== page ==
Asthma Attack Caused by Cold: Signs and Coping Ways

A sore throat, stuffy nose, fever, cough or other symptoms and signs caused due to a flu (influenza) virus, cold or respiratory infection can create nuisance for any individual. But in persons who suffer from asthma, even a minor cold may cause symptoms of wheezing or tightness in chest. Flu infection and common cold is the common cause of flare-ups of asthma, particularly in children.

Why Can Cold Increase Your Risk of an Asthma Attack?

Although it is a known fact that the risk of getting an attack of asthma is increased by flu and colds, the reason of this link is not well understood. According to latest research, when asthma patients gets flu or cold, the levels of a protein that is inflammatory in nature are raised in the cells lining the airways. This may trigger a series of inflammatory reactions, leading to narrowing of airways and resulting in a cold induced asthma attack.

Signs and Symptoms of an Asthma Attack

Same symptoms are not present in every person having asthma. Symptoms may also differ from one episode to another, ranging from mild to severe.

Asthma is not associated with symptoms of fever, muscle aches, chills or sore throat. Some of the common symptoms of asthma are:

  • Coughing frequently
  • Wheezing
  • Shortness of breath
  • Tightness in chest

How to Manage Asthma and Colds

Despite your efforts to be healthy, it is inevitable to get an occasional infection of flu or cold, particularly in children. Some of the tips to manage colds and asthma include:

  • Visit your physician if you start having a flare up of asthma while you are ill. If you are suffering from the flu, getting treatment during the early stages with a prescription medicine or antiviral drug may not only help relieve your symptoms but also make your recovery faster.
  • Follow the action plan for asthma to prevent cold induced asthma. If you observe warning signs and symptoms of an attack of asthma such as wheezing, coughing, shortness of breath or tightness of chest, adjust your medicines according to the action plan for asthma provided by your physician. If your physician has not given an asthma action plan, ask them to make one for you.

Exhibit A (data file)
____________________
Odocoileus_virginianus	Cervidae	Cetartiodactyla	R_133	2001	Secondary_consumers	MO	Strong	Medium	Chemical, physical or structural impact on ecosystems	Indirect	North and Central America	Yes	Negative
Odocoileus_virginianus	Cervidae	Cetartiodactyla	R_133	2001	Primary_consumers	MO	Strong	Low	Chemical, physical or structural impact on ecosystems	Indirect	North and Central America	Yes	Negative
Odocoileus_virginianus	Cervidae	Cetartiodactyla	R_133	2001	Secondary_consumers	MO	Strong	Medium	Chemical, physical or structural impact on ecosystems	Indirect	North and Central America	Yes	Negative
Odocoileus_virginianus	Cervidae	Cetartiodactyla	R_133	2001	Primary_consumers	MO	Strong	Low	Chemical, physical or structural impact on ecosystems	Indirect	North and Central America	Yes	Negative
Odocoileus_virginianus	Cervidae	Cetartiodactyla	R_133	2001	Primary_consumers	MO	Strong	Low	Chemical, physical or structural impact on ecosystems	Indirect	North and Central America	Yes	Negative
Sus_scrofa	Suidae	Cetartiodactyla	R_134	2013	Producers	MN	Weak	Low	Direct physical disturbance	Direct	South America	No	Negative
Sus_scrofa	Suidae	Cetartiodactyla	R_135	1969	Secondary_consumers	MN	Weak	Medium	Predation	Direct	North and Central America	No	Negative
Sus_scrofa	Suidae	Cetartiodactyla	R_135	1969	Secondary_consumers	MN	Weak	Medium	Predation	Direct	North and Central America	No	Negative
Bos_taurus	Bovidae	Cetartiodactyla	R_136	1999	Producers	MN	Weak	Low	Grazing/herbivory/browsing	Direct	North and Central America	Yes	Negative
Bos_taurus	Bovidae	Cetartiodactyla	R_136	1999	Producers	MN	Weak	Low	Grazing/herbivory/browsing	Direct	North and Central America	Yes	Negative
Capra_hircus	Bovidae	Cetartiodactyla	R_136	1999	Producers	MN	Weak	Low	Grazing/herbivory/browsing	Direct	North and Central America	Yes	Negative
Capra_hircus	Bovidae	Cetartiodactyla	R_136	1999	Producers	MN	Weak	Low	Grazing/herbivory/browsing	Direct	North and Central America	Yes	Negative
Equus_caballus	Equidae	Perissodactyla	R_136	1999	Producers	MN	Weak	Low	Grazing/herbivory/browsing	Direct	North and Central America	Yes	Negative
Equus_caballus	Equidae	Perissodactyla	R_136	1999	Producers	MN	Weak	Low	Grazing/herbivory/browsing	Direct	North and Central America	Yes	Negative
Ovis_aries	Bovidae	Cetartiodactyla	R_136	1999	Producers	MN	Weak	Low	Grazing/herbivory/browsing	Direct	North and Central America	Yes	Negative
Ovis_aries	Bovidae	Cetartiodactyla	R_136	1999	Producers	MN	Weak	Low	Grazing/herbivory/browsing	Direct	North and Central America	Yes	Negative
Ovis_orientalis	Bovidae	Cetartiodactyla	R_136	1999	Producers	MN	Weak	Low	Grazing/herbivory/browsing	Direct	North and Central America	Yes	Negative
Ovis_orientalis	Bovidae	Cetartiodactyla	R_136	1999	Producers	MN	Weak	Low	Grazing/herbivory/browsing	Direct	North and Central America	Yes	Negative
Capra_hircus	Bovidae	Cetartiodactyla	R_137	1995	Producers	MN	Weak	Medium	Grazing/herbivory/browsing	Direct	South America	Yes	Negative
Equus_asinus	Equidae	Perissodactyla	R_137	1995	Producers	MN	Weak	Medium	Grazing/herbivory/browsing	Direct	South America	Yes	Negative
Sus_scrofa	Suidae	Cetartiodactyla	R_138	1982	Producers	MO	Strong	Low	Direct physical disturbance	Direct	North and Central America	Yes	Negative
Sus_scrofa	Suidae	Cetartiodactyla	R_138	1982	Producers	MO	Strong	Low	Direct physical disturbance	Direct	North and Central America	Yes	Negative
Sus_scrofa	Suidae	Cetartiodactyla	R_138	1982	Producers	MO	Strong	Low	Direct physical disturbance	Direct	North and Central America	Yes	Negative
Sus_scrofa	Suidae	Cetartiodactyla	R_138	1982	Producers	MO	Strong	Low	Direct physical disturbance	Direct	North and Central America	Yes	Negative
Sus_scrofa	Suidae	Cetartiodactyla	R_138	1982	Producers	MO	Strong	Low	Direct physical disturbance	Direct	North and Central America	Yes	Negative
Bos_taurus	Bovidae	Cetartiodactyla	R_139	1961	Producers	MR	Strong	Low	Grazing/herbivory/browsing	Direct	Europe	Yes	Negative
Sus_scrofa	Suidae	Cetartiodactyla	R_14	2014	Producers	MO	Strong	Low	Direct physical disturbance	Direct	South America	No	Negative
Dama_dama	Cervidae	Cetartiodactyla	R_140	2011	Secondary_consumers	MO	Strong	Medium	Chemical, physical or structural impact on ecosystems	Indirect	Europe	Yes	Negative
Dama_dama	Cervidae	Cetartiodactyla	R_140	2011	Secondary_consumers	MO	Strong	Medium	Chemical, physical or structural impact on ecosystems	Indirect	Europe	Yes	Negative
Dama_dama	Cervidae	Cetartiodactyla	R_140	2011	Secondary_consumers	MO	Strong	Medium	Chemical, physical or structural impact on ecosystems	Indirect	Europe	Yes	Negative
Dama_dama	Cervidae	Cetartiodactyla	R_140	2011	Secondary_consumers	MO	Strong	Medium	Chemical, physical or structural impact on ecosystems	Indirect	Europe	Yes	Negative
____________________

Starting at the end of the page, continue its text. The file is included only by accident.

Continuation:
• Rest and take proper care of yourself. Rest during the illness. Drink lots of fluids. Under the guidance of your physician, use OTC flu or cold medicines to ease symptoms. These medicines don’t treat the illness but they can at least relieve your symptoms.
  • Monitor your peak flow rate. Using a peak flow meter, monitor the functioning of your lungs every day. Measure the readings at the same time of the day every day. If there is a drop in the peak flow rate, you can adjust your medicines under the direction of your physician.
  • Seek immediate help if symptoms become severe. Get immediate medical attention if you develop severe trouble in breathing or if extreme soreness develops in your throat. Also visit your physician if you develop any signs of pneumonia, including chills, high fever, sharp pain on deep breathing, sweats or coughing that produces colored sputum.
  • Stay at home. While you are sick and having cold induced asthma, stay at your home from work or school to prevent the spread of infection. Cover your nose and mouth with a clean tissue while you sneeze or cough. Generally, you can spread infection one day before the appearance of symptoms and up to one week or so after that.

How to Prevent Colds

Unfortunately, no guaranteed method exists to prevent flu or cold. But you can take some simple steps to decrease your risk of getting the infection.

  1. Wash Your Hands Often

Flu and cold viruses are often spread by touching an infected surface such as a door knob and then touching your face. This transfers the virus to your eyes or nose. When you wash your hands repeatedly with warm water and mild soap, you reduce the risk of getting infected. Also, try and not touch your eyes and nose too frequently. Washing hands is the best method to prevent the spread of infection; however, you can also use antiviral hand foams, especially when you are not at home and are not able to wash your hands.

  1. Take Proper Care of Yourself

To boost your immunity and prevent an attack of cold induced asthma, eat a healthy and balanced diet, which has plenty of fresh vegetables and fruits, do regular exercise and ensure that you get enough sleep.

  1. Consider Getting a Flu Vaccine

Speak to your physician about whether you require a flu vaccine each year before the flu season starts. The flu vaccine is designed to protect you from the specific flu viruses, though it does not provide protection from all of the flu viruses. However, not every person suffering from asthma requires a flu vaccine. Your physician may suggest a flu vaccine if:

  • You require a preventive inhaler.
  • You are taking steroid tablets.
  • You have to visit a hospital due to an attack of asthma.
  • You suffer from another medical illness or risk factor for which flu vaccine is advisable.

If your physician recommends a flu vaccine, then you should get it between September and November, before flu viruses are active.